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5 Things You Need to Know About the Longshoremen Union Strike Being Averted (for Now)

Business
FILE - In this Dec. 18, 2012 file photo, a truck driver watches as a freight container, right, is lowered onto a tractor trailer by a container crane at the Port of Boston in Boston. The crane and a reach stacker, left, are operated by longshoremen at the port. The longshoremen's union may strike if they are unable to reach an agreement on their contract, which expires Dec. 29, 2012. A walkout by dock workers represented by the International Longshoremen s Association would bring commerce to a near halt at ports from Boston to Houston. Credit: AP

FILE - In this Dec. 18, 2012 file photo, a truck driver watches as a freight container, right, is lowered onto a tractor trailer by a container crane at the Port of Boston in Boston. Credit: AP

(AP) -- The International Longshoremen's Association and the U.S. Maritime Alliance agreed Friday to a 30-day contract extension, averting a potential strike Sunday by more than 14,000 dockworkers that could have brought commerce at major ports along the East Coast and Gulf of Mexico to a near-standstill. Five things to know about the talks:

1. PORTS INVOLVED

Boston; New York-New Jersey; Philadelphia area; Baltimore; Hampton Roads, Va.; Wilmington, N.C.; Charleston, S.C.; Savannah, Ga.; Jacksonville, Fla.; Port Everglades, Fla; Tampa, Fla.; Mobile, Ala.; New Orleans; and Houston.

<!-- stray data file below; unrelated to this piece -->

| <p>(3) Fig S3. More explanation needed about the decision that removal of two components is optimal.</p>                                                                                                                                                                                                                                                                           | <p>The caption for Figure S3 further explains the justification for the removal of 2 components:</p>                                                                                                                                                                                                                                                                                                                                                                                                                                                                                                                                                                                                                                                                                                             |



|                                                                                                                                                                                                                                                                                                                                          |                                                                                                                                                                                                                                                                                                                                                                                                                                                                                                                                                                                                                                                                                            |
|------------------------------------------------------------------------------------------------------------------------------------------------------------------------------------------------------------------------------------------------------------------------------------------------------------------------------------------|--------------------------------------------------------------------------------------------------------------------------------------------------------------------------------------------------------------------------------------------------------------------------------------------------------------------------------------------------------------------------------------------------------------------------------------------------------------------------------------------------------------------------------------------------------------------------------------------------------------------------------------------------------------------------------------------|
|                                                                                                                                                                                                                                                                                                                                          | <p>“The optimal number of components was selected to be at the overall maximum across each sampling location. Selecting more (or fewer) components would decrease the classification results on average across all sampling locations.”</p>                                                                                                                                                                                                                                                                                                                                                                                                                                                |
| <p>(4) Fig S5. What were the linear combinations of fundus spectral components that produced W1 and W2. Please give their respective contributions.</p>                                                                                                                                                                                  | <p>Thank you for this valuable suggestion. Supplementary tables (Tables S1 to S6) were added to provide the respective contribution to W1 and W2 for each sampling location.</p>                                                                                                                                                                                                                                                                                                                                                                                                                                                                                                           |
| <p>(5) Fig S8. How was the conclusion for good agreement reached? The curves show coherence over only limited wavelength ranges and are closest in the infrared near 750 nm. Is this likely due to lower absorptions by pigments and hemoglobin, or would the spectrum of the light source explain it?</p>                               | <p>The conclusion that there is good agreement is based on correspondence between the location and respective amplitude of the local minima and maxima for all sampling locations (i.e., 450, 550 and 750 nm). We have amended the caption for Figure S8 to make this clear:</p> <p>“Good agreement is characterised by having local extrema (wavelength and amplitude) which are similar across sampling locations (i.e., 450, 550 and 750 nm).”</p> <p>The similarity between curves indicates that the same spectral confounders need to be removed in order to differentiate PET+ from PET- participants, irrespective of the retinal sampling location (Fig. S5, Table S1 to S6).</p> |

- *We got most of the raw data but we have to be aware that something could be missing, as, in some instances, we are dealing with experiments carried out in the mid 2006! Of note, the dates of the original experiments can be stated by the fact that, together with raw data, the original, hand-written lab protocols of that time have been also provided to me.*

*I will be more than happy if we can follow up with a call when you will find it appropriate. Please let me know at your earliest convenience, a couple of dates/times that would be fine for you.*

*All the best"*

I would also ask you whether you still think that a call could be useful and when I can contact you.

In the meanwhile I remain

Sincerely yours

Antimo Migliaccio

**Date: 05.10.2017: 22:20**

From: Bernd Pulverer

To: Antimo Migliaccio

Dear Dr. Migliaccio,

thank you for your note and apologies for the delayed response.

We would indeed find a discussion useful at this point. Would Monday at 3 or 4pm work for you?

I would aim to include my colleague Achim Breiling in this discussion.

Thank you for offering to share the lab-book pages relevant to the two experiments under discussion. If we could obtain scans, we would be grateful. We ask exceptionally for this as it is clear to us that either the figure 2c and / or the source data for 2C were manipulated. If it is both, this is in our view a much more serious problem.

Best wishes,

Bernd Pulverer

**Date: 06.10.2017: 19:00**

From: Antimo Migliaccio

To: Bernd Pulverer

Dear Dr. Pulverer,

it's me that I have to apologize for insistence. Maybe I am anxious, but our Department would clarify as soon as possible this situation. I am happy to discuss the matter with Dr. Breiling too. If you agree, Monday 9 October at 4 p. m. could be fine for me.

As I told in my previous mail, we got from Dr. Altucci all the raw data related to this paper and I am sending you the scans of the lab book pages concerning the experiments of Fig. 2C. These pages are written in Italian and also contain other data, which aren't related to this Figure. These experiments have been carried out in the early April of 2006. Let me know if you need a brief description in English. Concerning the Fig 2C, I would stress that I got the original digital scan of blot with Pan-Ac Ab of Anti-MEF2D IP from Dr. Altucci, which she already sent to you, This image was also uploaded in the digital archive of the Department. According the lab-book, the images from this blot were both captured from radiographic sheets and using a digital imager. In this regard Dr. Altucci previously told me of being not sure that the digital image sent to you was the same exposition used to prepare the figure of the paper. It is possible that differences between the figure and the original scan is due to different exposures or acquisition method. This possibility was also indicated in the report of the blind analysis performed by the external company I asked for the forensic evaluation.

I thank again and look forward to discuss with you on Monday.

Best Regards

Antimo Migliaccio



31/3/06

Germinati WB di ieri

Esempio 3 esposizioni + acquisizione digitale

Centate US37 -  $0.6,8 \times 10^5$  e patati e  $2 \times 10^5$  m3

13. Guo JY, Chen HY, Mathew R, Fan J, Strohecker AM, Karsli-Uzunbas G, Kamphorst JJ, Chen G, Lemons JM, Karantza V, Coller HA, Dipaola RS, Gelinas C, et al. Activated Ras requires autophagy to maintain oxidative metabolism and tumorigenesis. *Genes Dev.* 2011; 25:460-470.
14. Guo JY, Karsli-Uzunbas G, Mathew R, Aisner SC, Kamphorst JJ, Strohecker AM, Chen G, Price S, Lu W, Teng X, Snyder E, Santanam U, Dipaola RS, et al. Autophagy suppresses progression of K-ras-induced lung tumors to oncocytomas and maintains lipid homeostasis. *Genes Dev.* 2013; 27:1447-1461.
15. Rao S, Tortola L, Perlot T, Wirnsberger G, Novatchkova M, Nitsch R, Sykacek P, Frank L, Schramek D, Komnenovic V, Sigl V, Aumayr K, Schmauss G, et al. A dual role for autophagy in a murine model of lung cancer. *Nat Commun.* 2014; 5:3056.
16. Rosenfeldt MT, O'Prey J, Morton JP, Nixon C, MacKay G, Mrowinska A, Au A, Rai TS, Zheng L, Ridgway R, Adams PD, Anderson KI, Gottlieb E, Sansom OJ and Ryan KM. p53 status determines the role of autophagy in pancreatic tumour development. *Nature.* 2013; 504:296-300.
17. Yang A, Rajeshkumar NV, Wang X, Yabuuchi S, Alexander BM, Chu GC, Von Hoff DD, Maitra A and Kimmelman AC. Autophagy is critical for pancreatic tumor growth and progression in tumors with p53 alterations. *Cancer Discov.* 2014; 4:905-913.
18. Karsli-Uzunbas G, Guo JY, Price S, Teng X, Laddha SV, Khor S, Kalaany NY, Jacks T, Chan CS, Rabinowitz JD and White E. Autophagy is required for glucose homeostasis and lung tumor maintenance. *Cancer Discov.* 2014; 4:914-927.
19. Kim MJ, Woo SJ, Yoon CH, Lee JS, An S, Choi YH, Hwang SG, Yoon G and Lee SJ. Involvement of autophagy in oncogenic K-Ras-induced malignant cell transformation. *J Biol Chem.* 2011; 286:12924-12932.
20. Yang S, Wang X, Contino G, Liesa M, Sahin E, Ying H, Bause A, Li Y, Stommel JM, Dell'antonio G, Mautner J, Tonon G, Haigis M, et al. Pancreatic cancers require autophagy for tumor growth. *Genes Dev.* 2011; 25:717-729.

2. THE DEADLINE

The contract expires at midnight on Jan. 28 now that the two sides agreed to a second contract extension. Federal mediators are involved, and the White House has urged dockworkers and shipping companies to reach an agreement as quickly as possible.

3. KEY ISSUE

A key sticking point until Friday was a Maritime Alliance proposal to freeze royalties workers get for every container they unload, which the union opposed. Federal mediators say this issue has been resolved but did not provide details.

4. GOODS THAT WOULD BE AFFECTED

A wide range of items transported in containers on ships, including things like flat-screen TVs, sneakers and snow shovels.

5. GOODS THAT AREN'T AFFECTED

Items including military cargo, mail, automobiles and perishables such as food.

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